Sunday, September 25, 2011

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Masala Chai

On dark, chilly weekend mornings, I shower, quietly slip on soft old jeans and the frayed (but so comfortable) thick white Oxford I wear only at home, putter around the kitchen, and plan the day’s chores.

Before hitting the day’s punch list, though, I usually brew an oversized mug of steaming hot masala chai. Masala chai — or, simply, chai or a chai latte in the United States — is an Indian take on hot, spiced tea, almost always tempered with milk. It's enough to hold me over until the rest of the house is up and we tackle a proper breakfast. With a huge cup of it in hand, I’ll mosey out to the front patio, brush the fallen bamboo leaves from my garden chair, and catch up on international news.

Unlike my iced tea recipe, which is fairly set, my chai recipe oscillates between simple and, admittedly, overly complex. Procedures and ingredients shift around to accommodate my moods. Sometimes I dump everything in a pot and just cook the hell out of it. Other times — like this morning — I use a three-step procedure that’s still pretty simple and still just uses one pot.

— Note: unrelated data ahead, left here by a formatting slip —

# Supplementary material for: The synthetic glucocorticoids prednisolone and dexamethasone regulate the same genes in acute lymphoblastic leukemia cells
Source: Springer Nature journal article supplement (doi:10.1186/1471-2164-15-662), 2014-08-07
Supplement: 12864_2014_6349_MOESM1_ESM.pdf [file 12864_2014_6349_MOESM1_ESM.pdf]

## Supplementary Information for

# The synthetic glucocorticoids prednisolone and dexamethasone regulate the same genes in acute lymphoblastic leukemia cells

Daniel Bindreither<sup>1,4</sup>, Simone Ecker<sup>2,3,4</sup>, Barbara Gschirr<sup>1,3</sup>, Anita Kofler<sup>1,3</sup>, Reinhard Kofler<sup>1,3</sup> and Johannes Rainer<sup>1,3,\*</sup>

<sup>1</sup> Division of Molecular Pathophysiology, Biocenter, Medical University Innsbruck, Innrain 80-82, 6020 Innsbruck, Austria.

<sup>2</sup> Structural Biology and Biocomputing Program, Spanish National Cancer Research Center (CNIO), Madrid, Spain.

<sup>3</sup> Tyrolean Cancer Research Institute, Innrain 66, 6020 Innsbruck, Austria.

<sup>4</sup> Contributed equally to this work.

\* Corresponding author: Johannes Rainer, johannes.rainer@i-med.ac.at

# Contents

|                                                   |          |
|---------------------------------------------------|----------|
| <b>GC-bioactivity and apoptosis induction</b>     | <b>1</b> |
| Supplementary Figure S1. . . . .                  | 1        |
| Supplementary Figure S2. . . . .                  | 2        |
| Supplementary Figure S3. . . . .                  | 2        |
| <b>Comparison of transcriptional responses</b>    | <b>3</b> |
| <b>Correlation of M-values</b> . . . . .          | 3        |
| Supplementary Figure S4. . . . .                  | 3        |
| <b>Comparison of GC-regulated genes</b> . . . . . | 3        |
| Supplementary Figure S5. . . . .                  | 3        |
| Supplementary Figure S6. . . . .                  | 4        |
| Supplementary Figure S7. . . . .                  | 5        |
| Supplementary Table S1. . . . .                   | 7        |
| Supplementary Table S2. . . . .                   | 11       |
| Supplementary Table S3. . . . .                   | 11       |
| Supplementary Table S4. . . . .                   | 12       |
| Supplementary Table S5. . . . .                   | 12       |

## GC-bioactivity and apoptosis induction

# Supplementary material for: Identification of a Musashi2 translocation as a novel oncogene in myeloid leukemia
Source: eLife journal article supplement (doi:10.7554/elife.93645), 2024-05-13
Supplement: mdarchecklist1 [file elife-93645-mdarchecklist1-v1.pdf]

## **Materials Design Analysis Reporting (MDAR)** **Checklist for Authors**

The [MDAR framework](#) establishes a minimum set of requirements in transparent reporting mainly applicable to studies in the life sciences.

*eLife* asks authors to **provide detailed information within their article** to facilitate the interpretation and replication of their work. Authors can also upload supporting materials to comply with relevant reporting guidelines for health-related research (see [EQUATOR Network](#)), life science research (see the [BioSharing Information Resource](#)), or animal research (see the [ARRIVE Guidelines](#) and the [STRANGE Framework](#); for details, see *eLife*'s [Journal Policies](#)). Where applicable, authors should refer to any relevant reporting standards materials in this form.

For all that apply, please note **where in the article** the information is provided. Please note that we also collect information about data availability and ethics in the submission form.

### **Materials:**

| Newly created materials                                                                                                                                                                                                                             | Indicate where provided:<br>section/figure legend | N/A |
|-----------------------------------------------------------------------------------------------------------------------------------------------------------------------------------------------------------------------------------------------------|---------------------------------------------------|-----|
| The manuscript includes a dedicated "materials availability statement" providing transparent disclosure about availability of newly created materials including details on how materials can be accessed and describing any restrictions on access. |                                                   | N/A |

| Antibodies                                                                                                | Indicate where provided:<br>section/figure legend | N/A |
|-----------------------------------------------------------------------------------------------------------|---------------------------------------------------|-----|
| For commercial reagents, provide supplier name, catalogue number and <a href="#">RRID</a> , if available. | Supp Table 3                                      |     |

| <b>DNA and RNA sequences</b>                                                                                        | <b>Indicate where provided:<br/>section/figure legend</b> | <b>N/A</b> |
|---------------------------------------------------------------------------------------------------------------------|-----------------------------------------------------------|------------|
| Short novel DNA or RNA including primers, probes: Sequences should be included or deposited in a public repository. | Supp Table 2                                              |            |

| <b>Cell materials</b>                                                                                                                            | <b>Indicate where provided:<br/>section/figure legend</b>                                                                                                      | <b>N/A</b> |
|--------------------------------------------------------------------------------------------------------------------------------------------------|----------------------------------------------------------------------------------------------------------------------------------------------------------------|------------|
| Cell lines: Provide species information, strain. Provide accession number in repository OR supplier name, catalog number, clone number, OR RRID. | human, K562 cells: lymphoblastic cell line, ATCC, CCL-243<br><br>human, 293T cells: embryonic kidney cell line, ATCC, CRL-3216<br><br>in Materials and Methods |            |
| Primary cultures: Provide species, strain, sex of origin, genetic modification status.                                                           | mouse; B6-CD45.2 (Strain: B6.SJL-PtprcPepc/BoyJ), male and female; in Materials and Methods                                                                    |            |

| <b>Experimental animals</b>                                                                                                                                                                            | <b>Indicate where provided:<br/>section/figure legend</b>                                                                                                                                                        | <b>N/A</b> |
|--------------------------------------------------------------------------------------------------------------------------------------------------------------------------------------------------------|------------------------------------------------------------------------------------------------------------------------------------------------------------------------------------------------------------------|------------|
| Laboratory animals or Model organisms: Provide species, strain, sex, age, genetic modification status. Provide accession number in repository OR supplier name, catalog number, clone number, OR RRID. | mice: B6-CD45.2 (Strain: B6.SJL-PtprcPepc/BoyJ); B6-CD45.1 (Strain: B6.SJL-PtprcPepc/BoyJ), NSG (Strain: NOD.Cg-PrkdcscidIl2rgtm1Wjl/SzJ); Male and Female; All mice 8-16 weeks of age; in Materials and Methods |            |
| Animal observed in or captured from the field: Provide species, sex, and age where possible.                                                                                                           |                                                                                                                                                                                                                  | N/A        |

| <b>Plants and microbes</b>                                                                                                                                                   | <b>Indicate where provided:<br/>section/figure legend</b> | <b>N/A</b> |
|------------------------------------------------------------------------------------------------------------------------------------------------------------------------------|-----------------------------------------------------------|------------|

Depending on what I feel like, I may include fresh ginger, fennel seed, black pepper, a bay leaf, or even vanilla. But I always use cinnamon, cloves, turbinado sugar, black tea, whole milk, and — the core of any good chai for me — cardamom.

Here’s this morning’s batch. It's not nearly as heavily sweetened as commercial concentrates such as Oregon Chai. Want more sugar? Hell, you're an adult. Add more sugar. 
Masala Chai

2 cups water
1 4” stick of cinnamon, broken into several pieces
8 whole cloves
8 green cardamom pods, crushed
2 cups whole milk
2-3 Tbl turbinado sugar
1.5 Tbl loose leaf black tea, such as Assam

Bring the water through cardamom to a boil in a pot. Cover, reduce to a simmer, and let burble away about ten minutes. Add the milk and sugar. Bring almost to a boil, add the tea leaves, then cover and let rest about 3 minutes. Strain. Drink it as hot as you can stand it.
Goes well with:
  • Fat Lips Spill Sips. Ever wonder why some cocktail shakers, cups, and pots just always seem to spill while others don’t? It might be a trick of physics called the Teapot Effect first identified in 1957. 
  • Hot Cocoa for a Chilly Morning. When San Diego gets cold and clammy in the late winter, I'm more likely to break out a mug of hot cocoa than hot tea. This is the recipe I use.

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